Today I went shopping. One of my land line phones had had a sick battery for some time and finally gave up, so I decided to go to a large local electronic supply outlet and get one rather than buy one over the web and wait for it to be shipped. I had gone there often, and was pretty sure they would stock the battery, and while I was there I realized I could pick up a couple or USB hubs, since both my wife and I were out of slots, and another external drive.
BUT, the resulting trip took much, much longer than I had planned , because (1) as many stores tend to do, they had re-arranged their stock, and (2) I was simply overwhelmed by choices, and had the common store experience of not being able to find anyone who knew much, if anything, about the options I had.
As to batteries, there were yards of them displayed in a section labeled something like “Battery World”, and many, many customers standing in front of it agreeing that there should not be so many of them. While old-line battery equipment makers seem to do fine with the traditional letter sizes (AAA, D, etc) and numbers (6 volt, 9 volt), makers of digital equipment have gone wild in configurations, sizes, voltages, and connectors. Standardization time?
After looking through the whole mess, and squinting at the fine print, I could not find a match, so I ran down an actual employee, and taking my dead one he disappeared, (telling me the usual “give me a second”). After 5 minutes he came back with a big smile, and told me that since it was a telephone battery, it was undoubtedly in the telephone section.
So I set forth for the telephone section, and initially discovered that the batteries were not in the aisle entitled “Batteries”. I found them after looking through the section, but couldn’t find any numbers that matched the old battery. The first employee I hunted down could not solve my problem. The second one did.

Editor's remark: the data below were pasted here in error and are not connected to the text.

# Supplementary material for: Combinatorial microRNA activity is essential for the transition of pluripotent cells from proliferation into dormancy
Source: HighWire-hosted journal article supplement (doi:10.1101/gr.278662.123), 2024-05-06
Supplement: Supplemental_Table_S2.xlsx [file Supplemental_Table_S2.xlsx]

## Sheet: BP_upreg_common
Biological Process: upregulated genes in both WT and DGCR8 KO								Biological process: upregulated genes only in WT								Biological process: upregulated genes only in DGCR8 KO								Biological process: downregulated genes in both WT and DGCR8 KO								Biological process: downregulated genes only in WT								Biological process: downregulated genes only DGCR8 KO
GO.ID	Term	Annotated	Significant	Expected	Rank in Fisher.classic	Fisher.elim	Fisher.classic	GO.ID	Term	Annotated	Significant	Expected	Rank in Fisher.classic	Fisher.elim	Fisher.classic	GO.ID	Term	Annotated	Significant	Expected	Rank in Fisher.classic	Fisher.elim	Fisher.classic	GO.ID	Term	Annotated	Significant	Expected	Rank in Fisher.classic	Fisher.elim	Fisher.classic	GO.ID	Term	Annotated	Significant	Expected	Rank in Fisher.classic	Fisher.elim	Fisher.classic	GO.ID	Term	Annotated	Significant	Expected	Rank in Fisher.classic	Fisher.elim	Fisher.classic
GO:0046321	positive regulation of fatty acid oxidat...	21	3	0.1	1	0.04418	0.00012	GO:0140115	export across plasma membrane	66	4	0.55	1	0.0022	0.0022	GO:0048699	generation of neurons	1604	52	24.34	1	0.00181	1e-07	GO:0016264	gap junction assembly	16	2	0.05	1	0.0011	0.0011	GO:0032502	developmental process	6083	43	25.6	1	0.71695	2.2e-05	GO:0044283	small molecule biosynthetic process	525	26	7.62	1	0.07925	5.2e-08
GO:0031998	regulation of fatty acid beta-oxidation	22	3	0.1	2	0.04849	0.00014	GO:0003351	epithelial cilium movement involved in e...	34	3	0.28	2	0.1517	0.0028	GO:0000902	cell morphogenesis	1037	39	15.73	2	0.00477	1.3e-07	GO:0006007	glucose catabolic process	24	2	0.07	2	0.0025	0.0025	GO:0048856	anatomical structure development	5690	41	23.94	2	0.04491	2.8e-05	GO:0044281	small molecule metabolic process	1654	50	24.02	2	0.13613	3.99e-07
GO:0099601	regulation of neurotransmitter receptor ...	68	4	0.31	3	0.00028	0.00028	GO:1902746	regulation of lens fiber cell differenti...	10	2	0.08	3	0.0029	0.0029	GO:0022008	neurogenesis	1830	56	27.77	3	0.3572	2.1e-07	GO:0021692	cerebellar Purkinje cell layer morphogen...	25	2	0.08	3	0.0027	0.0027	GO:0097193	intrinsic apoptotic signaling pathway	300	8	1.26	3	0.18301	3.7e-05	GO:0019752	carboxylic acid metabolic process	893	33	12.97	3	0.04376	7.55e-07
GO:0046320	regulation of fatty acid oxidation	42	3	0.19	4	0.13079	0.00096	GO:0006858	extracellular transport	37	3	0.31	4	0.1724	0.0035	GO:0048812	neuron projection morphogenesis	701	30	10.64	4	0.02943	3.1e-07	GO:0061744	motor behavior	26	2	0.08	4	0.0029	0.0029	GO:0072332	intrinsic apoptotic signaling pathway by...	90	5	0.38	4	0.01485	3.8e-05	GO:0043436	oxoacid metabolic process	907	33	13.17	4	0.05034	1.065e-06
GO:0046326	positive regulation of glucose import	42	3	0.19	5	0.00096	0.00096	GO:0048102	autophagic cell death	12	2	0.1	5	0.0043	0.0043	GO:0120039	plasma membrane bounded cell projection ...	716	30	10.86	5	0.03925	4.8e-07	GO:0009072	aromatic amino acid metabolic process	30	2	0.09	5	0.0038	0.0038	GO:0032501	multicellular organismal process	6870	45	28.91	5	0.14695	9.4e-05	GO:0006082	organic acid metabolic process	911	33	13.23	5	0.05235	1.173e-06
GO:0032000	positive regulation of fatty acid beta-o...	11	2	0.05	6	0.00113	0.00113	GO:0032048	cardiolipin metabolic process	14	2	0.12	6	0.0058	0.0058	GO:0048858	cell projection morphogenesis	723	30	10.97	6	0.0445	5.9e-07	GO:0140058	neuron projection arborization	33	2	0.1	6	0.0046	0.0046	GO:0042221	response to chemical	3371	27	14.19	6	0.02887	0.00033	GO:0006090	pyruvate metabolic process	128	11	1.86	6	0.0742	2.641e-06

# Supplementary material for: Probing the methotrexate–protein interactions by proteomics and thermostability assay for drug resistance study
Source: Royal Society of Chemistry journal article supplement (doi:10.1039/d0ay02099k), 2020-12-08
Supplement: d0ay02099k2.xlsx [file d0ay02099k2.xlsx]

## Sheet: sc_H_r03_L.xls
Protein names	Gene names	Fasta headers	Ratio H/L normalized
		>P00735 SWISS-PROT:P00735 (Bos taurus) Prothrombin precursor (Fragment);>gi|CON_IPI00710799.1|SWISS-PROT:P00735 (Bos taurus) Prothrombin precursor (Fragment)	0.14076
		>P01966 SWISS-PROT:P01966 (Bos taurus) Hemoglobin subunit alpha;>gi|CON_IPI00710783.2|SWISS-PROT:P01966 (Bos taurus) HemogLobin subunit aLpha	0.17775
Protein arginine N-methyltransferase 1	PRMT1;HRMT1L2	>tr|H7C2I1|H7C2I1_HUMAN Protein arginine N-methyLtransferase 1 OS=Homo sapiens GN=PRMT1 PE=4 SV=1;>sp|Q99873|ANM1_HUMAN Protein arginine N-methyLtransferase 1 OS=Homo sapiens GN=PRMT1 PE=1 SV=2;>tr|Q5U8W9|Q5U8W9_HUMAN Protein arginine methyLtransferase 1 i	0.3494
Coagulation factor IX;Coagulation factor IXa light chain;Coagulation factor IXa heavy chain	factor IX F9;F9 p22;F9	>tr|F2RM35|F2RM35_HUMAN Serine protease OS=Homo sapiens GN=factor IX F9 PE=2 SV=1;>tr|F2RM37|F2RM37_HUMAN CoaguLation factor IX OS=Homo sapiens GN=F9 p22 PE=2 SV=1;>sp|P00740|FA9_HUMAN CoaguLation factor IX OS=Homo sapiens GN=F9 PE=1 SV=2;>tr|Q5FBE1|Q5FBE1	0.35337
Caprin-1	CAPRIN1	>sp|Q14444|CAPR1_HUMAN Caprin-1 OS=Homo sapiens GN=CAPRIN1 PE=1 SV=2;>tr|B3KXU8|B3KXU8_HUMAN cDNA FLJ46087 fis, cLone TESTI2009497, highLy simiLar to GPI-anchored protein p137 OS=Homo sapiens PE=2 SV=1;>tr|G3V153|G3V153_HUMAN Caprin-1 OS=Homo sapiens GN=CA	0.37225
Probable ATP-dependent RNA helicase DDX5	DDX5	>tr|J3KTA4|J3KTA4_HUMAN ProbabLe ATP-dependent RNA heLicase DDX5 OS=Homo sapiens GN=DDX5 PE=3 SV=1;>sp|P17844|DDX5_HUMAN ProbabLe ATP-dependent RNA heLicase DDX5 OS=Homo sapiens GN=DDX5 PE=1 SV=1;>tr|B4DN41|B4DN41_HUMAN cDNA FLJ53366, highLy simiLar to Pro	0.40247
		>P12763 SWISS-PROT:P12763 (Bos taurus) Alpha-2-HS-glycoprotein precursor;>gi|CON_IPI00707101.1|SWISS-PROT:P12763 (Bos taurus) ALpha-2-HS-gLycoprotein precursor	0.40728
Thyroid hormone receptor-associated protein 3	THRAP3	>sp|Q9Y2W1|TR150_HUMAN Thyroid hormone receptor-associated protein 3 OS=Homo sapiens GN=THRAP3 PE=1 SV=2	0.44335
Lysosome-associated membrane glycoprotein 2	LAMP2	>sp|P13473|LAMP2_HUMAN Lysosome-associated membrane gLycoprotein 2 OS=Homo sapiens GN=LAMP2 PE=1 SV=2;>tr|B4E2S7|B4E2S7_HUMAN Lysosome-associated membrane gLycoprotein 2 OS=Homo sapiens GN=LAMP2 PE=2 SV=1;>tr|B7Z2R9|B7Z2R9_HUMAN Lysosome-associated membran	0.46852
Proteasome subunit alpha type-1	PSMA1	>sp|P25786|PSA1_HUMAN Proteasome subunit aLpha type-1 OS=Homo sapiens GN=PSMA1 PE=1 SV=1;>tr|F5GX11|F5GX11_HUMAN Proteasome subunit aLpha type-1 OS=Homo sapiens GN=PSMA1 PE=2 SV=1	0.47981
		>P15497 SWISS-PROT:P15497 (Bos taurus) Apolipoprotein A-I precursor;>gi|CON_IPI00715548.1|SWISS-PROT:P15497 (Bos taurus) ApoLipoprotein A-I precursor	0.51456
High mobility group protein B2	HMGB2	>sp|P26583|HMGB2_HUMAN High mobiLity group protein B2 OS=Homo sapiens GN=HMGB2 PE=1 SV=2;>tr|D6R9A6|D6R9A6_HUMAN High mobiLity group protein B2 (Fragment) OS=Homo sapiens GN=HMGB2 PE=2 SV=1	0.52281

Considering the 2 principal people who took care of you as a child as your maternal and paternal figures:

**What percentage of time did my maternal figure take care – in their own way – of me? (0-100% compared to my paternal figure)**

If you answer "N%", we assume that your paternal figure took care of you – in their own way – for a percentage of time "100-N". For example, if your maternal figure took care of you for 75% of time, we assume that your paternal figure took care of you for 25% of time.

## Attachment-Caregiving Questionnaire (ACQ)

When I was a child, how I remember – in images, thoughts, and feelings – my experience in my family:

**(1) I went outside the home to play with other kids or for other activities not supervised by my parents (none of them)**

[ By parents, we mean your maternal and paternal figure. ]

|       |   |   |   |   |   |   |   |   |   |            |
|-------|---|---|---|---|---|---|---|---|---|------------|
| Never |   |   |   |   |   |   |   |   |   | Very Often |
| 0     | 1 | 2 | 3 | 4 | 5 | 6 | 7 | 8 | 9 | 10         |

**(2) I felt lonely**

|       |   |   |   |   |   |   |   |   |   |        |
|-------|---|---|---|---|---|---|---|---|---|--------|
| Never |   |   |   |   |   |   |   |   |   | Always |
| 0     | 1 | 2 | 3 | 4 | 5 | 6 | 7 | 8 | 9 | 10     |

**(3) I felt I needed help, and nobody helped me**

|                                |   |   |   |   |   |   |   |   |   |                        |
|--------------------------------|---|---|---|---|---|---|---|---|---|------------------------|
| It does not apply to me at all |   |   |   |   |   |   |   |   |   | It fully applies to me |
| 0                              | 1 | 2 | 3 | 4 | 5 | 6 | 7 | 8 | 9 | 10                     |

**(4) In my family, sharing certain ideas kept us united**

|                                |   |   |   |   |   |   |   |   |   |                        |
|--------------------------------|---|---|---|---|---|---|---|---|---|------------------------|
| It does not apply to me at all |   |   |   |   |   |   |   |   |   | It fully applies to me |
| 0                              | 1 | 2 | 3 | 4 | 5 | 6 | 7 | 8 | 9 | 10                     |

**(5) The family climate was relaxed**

Then off to find the hubs and the drive. After I found the locations in the store (they had moved), I encountered an overwhelming number of each, at a variety of prices, each boasting of their superiority on the box. I once again found the rare employees, and asked them questions such as “what is the difference between them”? and “why shouldn’t I just buy the cheapest one"? Once again, no satisfactory response, and in defense of the employees, probably because there was no way that the relatively few of them could understand the details of the overwhelming number of products in the store.
Incidentally, on the same trip, I found the same result in the drugstore in which I was looking for more products. It was a big store, but not a “big box” store. The staff seemed to consist of a woman at the cash register and a pharmacist in the back, with long lines at each location. I was looking for eye-drops, and the choice was over whelming, Looking at the ingredients, there seemed to be much more similarity between them than the packages suggested, but once again, no help available. Remember “floor walkers”? No more.
I enjoy owning high quality products, and some are better than others, but it is becoming increasingly difficult to discriminate between products in these days of overwhelming marketing, packaging that does not let you get your hands on things, and decreasing numbers of informed store employees and trustable web sites that could help. I sometimes think that many times there is less easily available usable information in the "information age", than there was before.